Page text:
Stackpole Books


Long road home

The transformation from soldier to civilian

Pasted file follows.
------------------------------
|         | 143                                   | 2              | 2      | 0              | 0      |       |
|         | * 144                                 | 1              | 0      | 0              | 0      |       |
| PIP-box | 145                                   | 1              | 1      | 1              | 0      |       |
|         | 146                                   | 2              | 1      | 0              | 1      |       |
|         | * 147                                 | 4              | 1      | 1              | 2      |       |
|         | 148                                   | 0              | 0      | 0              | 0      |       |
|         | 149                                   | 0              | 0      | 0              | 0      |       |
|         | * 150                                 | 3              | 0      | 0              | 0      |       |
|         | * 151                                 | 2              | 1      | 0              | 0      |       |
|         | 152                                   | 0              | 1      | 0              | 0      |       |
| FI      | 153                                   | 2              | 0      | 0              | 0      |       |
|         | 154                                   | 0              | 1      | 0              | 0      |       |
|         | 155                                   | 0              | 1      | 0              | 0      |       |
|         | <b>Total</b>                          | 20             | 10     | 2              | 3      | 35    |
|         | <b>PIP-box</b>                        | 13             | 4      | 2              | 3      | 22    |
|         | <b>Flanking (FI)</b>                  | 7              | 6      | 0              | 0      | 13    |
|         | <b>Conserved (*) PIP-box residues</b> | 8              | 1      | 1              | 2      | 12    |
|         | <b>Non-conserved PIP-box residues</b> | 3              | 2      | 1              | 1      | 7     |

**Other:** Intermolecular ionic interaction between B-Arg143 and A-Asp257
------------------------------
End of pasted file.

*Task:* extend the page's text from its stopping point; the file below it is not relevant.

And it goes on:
Quite simply, writes the author in his introduction, Homeward Bound begins where most other Civil War books end. Indeed, fascination with the complex military operations of the Civil War seems to end when the firing stopped. Although thousands of volumes have been written on the causes, course, and consequences of the war, surprisingly, a full-length treatment of demobilization of both armies has never been produced. Fr. William Holberton attempts to fill this void with Homeward Bound. A veteran of World War II and a lifelong student of history, Holberton's passion for the Civil War, coupled with his personal experience of demobilization after WWII, inspired this work. Although a self-termed struggling neophyte, the author demonstrates a solid understanding of the war, strong researching skills, and excellent writing ability. Holberton taps freely on the extensive collections of soldiers' diaries, letters, and memoirs (as yet unpublished) at the United States Army Military History Institute and the Virginia Historical Society to sketch a picture of demobilization. He also uses an array of soldiers' diaries and letters recently edited and annotated by leading scholars to add color to the narrative and enhance the human element of a process that was often frustrating and fraught with tense waiting and anxiety. The narrative he weaves succeeds in shedding significant light on the final stage of military service for thousands of soldiers Union and Confederate, volunteers and regulars alike, whose service came to an end at the close of hostilities. The author first sets the stage by detailing the surrenders of Confederate forces and describing the Grand Review of the Union armies in Washington, D.C. His approach is comprehensive, as he devotes succeeding chapters to the systematic demobilization of the Union armies, along with that of hospital patients and black troops. He also allocates a chapter each to the repatriation of prisoners of war, including those who had been galvanized, and the U.S. military buildup in Texas along the Mexican border. Holberton attempts to sharply contrast the Federal effort with the disorganized manner of Confederate demobilization, but the simple fact that the Confederacy had no plans for disbanding its armies, added to the paucity of accounts by Southern soldiers, prevents a detailed comparison. Regrettably, Father Holberton died before this work was finished. A familiar figure on battlefield tours and at Civil War symposia, Father Bill was immensely popular in Civil War circles, and his colleagues and friends finished this work as a loving tribute to his memory. Despite their obviously valiant effort to complete Holberton's work, it is apparent that this volume was not ready for publication at the time of the author's passing. Just how far along the author was in his writing will be never be known, but some chapters are less than complete in their discussion or end abruptly, and the chapter entitled Detour via the Texas Border is only five pages longùhardly enough to even begin treatment of the topic, let alone discuss it at length. Nor we well know if Father Holberton envisioned chapters on other aspects of demobilization such as those affecting the quartermaster and commissary departments, military contracts, or conscription. Thus, Homeward Bound reads more like a collection of essays rather than a smoothly flowing narrative. Nonetheless, Holberton has done what no author has even attempted to do before, and provides us with a solid foundation for continued research and writing on the subject of demobilization. Homeward Bound makes an important first step and it is hoped that Father Holberton's work, as did his life of service, will inspire others to follow his lead and paint a more complete picture of the journey home. Terrence J. Winschel is a historian at Vicksburg National Military Park and author of Triumph & Defeat: The Vicksburg Campaign; Vicksburg: Fall of the Confederate Gibraltar (1998); and The Civil War Diary of a Common Soldier: William Wiley of the 77th Illinois Infantry (2001).